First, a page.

My grandfather, Tom Lee, was a beer drinker. I mean, he drank a *lot* of beer. He wasn’t a beer snob; he didn’t seek out the newest, coolest microbreweries; I doubt that he could have told you the difference between a porter, a stout, and an IPA. He just drank beer – Budweiser, mostly, and usually out of a can; and it wasn’t at all uncommon for the empty cans to get cut open and used to patch a hole in the floorboard of his old car, or a leaky roof, or put to some other good use. Even though his whistle was wet, he had an incredibly dry sense of humor, and with a perfectly straight face – at least, at first – whenever an Anheuser-Busch commercial would come on television, showcasing their famous team of Clydesdale horses, , he’d tell us kids that one of the  Clydesdales was actually his – meaning, even if we didn’t immediately get it, that he’d bought enough of their beer to pay for one of them. “There; that one right there on the left; that one’s mine,” he’d say, with a sparkle in his eye and as a smile gradually crept over his face.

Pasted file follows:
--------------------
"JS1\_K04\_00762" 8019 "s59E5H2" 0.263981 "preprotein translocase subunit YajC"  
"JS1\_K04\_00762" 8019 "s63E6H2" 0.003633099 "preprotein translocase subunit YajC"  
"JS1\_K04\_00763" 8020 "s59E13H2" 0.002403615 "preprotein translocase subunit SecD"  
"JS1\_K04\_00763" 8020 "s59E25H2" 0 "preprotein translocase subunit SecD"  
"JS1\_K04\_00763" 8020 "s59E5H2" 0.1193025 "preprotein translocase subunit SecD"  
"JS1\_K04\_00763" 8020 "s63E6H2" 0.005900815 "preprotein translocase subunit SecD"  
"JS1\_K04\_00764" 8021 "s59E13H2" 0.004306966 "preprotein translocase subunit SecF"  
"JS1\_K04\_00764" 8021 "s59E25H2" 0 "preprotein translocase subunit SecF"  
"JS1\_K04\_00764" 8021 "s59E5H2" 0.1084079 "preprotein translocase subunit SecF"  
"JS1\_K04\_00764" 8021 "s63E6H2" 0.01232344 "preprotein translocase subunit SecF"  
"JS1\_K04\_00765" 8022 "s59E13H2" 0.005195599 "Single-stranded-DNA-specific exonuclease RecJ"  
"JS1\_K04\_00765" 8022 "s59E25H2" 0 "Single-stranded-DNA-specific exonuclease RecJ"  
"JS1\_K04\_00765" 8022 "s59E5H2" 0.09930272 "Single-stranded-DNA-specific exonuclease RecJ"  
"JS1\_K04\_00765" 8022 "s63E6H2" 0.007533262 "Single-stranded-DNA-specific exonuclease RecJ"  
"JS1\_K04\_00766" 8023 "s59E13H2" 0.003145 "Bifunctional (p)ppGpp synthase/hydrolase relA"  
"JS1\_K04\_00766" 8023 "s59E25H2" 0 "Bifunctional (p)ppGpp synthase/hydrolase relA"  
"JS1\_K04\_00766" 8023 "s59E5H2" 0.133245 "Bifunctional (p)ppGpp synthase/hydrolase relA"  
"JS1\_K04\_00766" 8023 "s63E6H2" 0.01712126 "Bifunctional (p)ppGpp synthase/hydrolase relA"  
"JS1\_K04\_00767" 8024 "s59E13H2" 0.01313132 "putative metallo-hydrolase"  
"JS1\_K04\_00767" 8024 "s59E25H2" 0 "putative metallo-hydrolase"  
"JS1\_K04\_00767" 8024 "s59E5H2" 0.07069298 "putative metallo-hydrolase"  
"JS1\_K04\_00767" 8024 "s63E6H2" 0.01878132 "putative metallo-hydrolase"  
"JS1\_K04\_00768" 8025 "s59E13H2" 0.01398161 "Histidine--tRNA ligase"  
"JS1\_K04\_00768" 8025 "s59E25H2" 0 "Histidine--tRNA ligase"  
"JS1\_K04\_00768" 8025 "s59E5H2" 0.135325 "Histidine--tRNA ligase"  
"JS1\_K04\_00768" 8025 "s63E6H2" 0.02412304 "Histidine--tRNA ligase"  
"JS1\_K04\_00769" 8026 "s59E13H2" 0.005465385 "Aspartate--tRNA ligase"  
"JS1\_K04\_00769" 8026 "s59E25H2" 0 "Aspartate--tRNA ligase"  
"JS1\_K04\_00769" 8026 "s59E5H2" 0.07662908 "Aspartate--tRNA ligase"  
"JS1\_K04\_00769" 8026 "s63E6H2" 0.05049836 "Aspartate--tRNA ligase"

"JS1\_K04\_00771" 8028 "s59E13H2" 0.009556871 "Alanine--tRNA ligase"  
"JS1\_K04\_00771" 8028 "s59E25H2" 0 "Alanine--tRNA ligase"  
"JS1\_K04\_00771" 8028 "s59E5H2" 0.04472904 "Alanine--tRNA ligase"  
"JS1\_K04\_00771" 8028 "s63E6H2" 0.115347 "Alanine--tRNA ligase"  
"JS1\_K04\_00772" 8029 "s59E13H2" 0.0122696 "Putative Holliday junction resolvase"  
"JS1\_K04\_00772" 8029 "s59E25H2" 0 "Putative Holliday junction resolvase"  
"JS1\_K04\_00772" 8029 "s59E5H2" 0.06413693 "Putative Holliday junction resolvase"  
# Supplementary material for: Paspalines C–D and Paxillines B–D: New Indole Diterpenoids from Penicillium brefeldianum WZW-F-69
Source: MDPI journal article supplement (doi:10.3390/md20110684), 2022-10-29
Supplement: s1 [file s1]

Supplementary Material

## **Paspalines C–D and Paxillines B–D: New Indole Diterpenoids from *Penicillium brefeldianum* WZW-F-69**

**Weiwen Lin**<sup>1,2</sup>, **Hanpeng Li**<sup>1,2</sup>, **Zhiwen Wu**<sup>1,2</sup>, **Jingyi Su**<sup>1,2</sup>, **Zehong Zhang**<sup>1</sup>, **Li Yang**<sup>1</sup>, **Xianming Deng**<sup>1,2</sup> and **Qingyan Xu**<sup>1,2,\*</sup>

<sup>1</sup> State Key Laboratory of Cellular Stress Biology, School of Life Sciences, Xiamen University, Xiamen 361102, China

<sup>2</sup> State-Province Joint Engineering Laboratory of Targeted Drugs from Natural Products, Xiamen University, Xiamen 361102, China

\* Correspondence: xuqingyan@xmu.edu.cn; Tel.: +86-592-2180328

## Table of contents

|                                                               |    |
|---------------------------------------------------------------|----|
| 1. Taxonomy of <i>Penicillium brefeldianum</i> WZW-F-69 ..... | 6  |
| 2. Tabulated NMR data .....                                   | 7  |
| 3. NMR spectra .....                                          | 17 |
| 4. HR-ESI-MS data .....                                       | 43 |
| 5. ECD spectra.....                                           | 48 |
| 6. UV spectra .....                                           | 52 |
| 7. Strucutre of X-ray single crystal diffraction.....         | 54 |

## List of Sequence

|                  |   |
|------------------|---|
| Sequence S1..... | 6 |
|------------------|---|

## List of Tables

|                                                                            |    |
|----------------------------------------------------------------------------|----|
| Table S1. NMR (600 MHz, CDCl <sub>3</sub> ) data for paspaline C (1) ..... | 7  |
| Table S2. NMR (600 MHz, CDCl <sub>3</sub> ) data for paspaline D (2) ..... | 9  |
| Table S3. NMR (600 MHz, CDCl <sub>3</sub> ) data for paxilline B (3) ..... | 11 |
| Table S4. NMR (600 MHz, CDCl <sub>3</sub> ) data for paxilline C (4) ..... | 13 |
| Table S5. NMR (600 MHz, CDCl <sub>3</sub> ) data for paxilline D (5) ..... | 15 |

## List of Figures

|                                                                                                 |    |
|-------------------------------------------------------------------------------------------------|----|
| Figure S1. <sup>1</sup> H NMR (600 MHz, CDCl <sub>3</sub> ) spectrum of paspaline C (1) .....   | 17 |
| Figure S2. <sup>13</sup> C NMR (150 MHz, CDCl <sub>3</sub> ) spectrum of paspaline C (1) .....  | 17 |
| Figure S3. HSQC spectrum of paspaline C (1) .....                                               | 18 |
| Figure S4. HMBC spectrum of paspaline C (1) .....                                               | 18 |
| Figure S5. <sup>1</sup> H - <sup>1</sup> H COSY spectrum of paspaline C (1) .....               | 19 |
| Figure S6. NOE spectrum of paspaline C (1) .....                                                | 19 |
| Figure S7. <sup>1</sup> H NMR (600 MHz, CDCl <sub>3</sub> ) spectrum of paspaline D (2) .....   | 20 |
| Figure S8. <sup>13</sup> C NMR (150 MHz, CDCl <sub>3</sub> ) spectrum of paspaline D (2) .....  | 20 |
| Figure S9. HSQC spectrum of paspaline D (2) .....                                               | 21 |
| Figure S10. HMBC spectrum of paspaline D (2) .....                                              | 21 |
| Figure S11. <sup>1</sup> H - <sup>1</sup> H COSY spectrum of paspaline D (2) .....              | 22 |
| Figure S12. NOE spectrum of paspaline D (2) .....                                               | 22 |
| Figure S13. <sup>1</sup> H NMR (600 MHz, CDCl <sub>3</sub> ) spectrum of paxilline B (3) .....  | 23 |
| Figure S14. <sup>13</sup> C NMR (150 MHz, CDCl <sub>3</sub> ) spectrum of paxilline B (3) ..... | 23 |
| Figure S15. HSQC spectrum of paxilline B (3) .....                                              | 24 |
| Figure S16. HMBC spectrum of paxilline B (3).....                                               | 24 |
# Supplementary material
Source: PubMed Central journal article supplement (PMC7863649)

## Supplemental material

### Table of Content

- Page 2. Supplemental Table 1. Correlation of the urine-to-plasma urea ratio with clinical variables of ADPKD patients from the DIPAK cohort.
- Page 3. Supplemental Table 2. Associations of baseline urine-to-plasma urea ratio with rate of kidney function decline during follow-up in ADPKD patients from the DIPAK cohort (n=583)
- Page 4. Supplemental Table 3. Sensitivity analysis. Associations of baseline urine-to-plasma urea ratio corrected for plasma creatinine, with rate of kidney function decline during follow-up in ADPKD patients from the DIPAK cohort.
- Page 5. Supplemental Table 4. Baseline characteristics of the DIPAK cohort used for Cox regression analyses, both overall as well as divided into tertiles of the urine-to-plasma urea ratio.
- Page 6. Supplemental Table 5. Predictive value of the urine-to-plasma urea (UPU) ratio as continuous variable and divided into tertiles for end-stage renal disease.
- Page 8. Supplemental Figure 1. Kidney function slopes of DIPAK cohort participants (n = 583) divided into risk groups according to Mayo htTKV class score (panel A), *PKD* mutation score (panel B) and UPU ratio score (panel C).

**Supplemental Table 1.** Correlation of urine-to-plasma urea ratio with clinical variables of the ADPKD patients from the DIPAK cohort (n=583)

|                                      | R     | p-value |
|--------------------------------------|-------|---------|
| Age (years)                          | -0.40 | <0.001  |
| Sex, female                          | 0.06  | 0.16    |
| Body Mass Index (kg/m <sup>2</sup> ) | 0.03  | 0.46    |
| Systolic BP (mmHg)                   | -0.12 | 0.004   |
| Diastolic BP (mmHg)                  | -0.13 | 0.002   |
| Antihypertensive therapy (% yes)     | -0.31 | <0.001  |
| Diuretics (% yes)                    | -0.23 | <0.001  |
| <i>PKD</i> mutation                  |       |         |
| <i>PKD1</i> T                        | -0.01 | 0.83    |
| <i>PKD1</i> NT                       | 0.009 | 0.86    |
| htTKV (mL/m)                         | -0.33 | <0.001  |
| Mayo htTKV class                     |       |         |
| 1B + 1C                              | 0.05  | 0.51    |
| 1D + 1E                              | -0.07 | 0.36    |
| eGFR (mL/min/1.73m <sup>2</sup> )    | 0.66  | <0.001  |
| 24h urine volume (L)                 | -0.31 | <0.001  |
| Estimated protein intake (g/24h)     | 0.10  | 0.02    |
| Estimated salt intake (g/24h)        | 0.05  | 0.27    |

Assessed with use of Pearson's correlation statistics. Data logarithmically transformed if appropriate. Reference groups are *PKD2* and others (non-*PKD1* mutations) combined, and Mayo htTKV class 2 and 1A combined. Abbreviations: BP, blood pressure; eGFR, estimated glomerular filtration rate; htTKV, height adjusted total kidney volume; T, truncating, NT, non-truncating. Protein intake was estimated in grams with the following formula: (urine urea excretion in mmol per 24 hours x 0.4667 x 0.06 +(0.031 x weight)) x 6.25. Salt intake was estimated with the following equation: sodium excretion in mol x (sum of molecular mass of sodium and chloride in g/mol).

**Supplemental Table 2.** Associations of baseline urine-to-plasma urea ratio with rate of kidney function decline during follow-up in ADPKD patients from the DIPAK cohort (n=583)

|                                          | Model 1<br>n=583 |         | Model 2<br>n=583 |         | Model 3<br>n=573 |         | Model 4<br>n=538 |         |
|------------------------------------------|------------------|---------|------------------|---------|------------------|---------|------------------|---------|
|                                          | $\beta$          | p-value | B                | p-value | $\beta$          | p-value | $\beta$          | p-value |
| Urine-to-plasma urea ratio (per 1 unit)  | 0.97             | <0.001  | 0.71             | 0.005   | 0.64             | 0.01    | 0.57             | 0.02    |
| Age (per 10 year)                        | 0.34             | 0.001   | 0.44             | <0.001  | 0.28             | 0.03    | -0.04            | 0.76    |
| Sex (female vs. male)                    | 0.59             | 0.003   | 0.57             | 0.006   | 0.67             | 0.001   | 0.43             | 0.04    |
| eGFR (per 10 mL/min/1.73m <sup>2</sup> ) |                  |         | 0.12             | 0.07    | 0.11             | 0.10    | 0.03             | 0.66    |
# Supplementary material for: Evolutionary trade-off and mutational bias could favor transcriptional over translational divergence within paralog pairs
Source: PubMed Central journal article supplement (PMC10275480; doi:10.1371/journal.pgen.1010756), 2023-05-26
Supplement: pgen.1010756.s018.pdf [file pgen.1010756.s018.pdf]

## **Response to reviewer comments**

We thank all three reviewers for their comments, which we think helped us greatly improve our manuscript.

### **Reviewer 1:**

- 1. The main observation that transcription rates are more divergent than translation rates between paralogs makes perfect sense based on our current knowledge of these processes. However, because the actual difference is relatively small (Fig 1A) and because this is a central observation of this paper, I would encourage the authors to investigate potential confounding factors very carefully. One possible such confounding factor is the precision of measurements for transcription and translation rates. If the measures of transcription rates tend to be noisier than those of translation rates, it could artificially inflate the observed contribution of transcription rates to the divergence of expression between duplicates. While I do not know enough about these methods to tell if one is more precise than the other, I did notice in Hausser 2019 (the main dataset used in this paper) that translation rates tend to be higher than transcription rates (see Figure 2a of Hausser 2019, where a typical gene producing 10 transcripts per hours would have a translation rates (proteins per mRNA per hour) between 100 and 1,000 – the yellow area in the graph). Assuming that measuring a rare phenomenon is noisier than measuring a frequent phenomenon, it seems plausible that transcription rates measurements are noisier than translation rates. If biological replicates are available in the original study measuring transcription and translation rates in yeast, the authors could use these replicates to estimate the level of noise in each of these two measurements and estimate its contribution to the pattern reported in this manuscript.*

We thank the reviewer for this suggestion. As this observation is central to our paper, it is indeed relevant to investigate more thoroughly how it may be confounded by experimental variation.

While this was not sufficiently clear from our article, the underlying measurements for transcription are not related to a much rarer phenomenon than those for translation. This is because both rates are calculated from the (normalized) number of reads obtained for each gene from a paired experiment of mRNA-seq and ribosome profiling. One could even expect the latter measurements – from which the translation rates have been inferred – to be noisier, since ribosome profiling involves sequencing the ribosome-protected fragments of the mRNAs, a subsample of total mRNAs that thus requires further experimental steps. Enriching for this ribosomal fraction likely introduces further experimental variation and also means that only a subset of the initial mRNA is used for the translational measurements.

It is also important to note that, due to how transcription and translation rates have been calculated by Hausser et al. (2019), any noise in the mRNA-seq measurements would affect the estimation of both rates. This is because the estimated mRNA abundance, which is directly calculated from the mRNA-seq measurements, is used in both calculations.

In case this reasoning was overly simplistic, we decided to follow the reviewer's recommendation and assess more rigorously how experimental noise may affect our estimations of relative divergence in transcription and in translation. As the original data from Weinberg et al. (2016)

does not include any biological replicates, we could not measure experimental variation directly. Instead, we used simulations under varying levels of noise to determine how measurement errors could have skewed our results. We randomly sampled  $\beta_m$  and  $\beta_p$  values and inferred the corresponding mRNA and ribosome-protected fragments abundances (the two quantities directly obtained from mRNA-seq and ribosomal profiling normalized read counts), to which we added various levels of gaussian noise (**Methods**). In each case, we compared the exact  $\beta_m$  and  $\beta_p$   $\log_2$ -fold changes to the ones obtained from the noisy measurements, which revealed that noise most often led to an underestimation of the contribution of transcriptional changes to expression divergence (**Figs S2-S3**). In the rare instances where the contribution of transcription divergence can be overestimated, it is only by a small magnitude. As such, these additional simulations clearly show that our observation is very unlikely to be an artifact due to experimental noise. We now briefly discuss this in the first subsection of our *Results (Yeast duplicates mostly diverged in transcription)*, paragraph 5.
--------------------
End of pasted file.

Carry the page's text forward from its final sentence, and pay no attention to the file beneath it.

Even at that time, Anheuser-Busch recognized that they needed to market themselves with more than just Clydesdales and wagons, and so they also had a long-running ad campaign that used the slogan “Where There’s Life, There’s Bud” – meaning, directly, that wherever anyone was doing anything fun or exciting or important, you’d find their beer; and not-so-subtlely implying the reverse – that where there’s Bud, there’s life – that if you just drank their mediocre beer, everyone would find you more attractive and intelligent and interesting, your boss would give you a raise, and all your dreams would come true. Well, with apologies to Budweiser and their ad agency, I think they got their marketing wrong. Clearly, if you’re looking for life, at least a real, authentic, abundant life, you aren’t going to find it in Budweiser – but you’re actually going to find it in water.